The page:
McCain french fry plant gets public funds for upgrades

(McCain Foods Ltd. photo)

CORRECTED, Jan. 13, 2016: The Manitoba and federal governments are dipping into an agribusiness support fund to cover half the cost of equipment upgrades for McCain Foods’ french fry plant in the province’s southwest.

Federal Agriculture Minister Lawrence MacAulay and provincial Agriculture Minister Ron Kostyshyn on Wednesday announced $380,000 from the Growing Value program for the McCain Foods plant at Carberry, about 50 km east of Brandon.

The upgrades are expected to reduce potato and canola oil waste by 900,000 pounds and 800,000 pounds per year, respectively, the governments said in a release.

The new equipment is also expected to allow the company to add 10 jobs to Carberry’s staff of about 220 over the next three years, they added.

“In order to stay competitive, it’s important to have equipment that runs efficiently, allowing maximum productivity and minimal waste,” plant manager Dean Melnic said in the same release.

The 53-year-old processing plant, which McCain has owned since 2004, handles about 430 million pounds of Manitoba potatoes per year, mostly for french fries.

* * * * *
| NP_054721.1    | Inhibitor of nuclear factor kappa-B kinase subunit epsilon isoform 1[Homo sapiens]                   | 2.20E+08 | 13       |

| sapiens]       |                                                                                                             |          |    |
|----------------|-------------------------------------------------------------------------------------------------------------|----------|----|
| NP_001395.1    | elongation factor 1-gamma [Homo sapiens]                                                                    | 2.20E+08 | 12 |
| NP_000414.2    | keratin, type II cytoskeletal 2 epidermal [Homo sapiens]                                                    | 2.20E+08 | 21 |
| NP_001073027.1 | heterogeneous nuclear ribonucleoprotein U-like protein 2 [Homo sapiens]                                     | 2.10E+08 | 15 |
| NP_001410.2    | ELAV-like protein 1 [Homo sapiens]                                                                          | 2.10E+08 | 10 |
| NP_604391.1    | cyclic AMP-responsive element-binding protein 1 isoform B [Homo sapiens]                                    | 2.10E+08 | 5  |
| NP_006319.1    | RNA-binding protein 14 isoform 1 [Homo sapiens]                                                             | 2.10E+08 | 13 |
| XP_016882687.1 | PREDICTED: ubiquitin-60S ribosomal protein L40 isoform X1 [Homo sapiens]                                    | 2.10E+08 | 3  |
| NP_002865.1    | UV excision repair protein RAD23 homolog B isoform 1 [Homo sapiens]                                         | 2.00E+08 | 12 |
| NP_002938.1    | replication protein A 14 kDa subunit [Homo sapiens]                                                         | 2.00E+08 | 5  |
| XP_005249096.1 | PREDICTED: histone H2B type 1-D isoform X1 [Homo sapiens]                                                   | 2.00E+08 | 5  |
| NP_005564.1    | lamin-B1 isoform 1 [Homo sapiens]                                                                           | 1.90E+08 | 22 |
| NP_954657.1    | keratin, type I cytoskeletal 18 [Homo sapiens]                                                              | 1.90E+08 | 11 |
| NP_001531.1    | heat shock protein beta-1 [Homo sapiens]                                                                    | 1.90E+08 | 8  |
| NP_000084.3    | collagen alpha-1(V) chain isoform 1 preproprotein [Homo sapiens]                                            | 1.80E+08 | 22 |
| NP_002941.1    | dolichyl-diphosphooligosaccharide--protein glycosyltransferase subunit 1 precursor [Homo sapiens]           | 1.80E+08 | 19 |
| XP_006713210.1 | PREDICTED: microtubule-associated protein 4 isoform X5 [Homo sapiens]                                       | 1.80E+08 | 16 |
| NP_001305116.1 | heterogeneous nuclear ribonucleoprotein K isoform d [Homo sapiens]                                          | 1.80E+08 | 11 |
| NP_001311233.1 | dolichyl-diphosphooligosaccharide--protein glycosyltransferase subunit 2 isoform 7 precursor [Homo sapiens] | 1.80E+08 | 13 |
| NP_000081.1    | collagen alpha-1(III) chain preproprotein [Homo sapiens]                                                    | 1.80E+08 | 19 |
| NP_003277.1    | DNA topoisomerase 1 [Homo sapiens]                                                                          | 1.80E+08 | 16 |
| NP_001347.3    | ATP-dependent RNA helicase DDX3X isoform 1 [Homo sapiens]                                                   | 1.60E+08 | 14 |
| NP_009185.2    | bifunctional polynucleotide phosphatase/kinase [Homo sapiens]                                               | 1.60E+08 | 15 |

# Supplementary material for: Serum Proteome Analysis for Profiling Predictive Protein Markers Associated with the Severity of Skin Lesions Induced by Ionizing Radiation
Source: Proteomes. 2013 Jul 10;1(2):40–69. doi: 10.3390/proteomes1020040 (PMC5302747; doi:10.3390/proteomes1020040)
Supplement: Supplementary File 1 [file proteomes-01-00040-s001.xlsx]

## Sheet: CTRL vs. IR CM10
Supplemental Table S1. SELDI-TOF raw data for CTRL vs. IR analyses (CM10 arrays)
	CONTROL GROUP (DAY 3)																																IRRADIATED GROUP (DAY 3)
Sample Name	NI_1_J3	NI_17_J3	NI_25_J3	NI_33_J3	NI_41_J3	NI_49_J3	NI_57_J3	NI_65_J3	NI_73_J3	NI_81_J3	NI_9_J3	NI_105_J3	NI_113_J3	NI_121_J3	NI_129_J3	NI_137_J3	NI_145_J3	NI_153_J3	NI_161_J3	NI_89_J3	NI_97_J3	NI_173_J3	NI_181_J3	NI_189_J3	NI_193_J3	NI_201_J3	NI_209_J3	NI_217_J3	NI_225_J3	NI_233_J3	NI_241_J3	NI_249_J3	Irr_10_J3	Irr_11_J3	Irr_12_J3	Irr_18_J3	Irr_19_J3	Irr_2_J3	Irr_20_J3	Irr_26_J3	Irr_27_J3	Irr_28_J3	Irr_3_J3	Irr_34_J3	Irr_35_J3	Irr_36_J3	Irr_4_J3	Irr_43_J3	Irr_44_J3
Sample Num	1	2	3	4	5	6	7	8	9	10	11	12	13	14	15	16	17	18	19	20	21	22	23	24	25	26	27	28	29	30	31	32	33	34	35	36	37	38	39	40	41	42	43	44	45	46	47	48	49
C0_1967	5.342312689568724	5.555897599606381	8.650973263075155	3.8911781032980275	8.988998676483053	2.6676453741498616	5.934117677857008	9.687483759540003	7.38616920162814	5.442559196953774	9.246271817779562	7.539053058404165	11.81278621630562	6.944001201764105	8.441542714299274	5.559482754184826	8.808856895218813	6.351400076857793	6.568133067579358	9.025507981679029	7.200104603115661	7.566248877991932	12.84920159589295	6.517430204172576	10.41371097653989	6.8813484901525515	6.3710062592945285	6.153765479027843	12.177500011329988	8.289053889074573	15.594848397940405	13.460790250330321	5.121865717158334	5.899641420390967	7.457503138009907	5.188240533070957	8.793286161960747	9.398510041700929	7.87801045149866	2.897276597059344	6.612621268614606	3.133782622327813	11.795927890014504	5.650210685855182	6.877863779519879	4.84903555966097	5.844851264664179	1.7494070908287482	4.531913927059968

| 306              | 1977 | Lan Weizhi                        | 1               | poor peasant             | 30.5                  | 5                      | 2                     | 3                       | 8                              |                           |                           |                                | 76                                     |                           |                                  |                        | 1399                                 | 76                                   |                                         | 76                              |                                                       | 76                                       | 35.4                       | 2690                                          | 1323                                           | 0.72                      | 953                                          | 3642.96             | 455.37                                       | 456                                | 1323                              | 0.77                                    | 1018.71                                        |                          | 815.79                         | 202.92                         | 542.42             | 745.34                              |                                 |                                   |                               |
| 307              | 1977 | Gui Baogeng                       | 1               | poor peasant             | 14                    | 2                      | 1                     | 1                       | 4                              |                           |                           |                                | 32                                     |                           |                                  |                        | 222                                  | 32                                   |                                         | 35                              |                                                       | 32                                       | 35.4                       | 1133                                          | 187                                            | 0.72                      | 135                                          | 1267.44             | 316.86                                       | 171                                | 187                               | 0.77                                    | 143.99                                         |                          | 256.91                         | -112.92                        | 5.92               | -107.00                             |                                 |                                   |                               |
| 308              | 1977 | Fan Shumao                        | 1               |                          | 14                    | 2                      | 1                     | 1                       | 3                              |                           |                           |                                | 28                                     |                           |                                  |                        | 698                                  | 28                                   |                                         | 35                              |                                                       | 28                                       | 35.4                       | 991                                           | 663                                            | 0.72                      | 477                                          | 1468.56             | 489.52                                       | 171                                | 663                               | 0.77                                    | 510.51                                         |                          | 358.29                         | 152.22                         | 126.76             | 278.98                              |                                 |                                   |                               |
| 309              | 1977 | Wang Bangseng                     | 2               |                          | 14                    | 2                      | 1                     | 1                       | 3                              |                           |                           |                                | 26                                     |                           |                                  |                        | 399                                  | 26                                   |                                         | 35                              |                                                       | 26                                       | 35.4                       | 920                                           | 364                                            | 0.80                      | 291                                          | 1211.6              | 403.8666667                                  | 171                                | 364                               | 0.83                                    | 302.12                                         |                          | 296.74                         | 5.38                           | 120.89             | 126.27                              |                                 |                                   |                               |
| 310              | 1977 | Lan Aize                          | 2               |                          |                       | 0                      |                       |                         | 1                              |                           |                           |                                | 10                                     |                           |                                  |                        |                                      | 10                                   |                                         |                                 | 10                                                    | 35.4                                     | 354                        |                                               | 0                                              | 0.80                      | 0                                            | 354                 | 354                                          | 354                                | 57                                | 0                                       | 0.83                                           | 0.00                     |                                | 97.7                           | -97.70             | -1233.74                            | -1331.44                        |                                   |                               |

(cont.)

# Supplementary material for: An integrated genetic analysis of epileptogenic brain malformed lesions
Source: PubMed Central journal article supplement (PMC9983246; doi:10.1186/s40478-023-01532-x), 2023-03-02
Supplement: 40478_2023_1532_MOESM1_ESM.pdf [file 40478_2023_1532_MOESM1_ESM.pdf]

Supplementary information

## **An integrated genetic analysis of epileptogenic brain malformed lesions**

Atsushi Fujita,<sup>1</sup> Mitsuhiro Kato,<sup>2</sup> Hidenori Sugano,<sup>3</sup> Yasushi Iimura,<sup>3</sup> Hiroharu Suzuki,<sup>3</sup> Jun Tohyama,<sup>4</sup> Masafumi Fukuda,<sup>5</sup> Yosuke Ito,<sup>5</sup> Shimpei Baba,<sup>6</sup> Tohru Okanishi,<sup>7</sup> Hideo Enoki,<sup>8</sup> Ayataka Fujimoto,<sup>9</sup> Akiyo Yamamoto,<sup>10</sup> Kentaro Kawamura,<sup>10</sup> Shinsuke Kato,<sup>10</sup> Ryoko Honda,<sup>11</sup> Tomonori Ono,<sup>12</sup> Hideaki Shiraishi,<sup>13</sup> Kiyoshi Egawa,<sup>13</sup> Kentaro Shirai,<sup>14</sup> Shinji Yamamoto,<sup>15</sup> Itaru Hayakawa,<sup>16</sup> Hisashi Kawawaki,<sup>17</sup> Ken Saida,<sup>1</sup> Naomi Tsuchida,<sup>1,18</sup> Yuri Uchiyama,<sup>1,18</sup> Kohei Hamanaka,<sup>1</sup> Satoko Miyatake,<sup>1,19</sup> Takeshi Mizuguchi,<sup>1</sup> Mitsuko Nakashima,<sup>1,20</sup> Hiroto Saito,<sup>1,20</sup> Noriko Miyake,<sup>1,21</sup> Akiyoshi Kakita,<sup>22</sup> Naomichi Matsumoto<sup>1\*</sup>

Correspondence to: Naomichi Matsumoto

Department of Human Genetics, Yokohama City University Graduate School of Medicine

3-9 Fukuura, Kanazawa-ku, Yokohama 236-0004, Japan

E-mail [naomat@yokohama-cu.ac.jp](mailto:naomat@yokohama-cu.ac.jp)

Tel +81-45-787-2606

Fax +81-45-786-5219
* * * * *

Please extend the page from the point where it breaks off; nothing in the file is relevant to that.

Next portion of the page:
“We export 80 per cent of the products we make at our plant, so investments in equipment help support our employees, local growers, and the surrounding communities.”

“Reducing waste and increasing efficiency will help ensure Manitoba-grown potatoes continue to be a top choice for processors and consumers,” Kostyshyn said in the same release. –– Network

CORRECTION, Jan. 13, 2016 — A previous version of this article, here online and in the Manitoba Co-operator (“McCain fry plant gets funds for upgrades,” Jan. 7, 2016, page 20) incorrectly described the $380,000 granted to McCain Foods for upgrades at its Carberry plant as coming from a federal/provincial program, Growing Value, that caps contributions at $100,000 per project.

The $100,000 limit is on a separate Growing Value program, the “commercialization” program. The funds for the McCain upgrades come from the Growing Value “transformation” program, which, according to the province, is for “major strategic investments” and is funded 50/50 by the federal and provincial governments.

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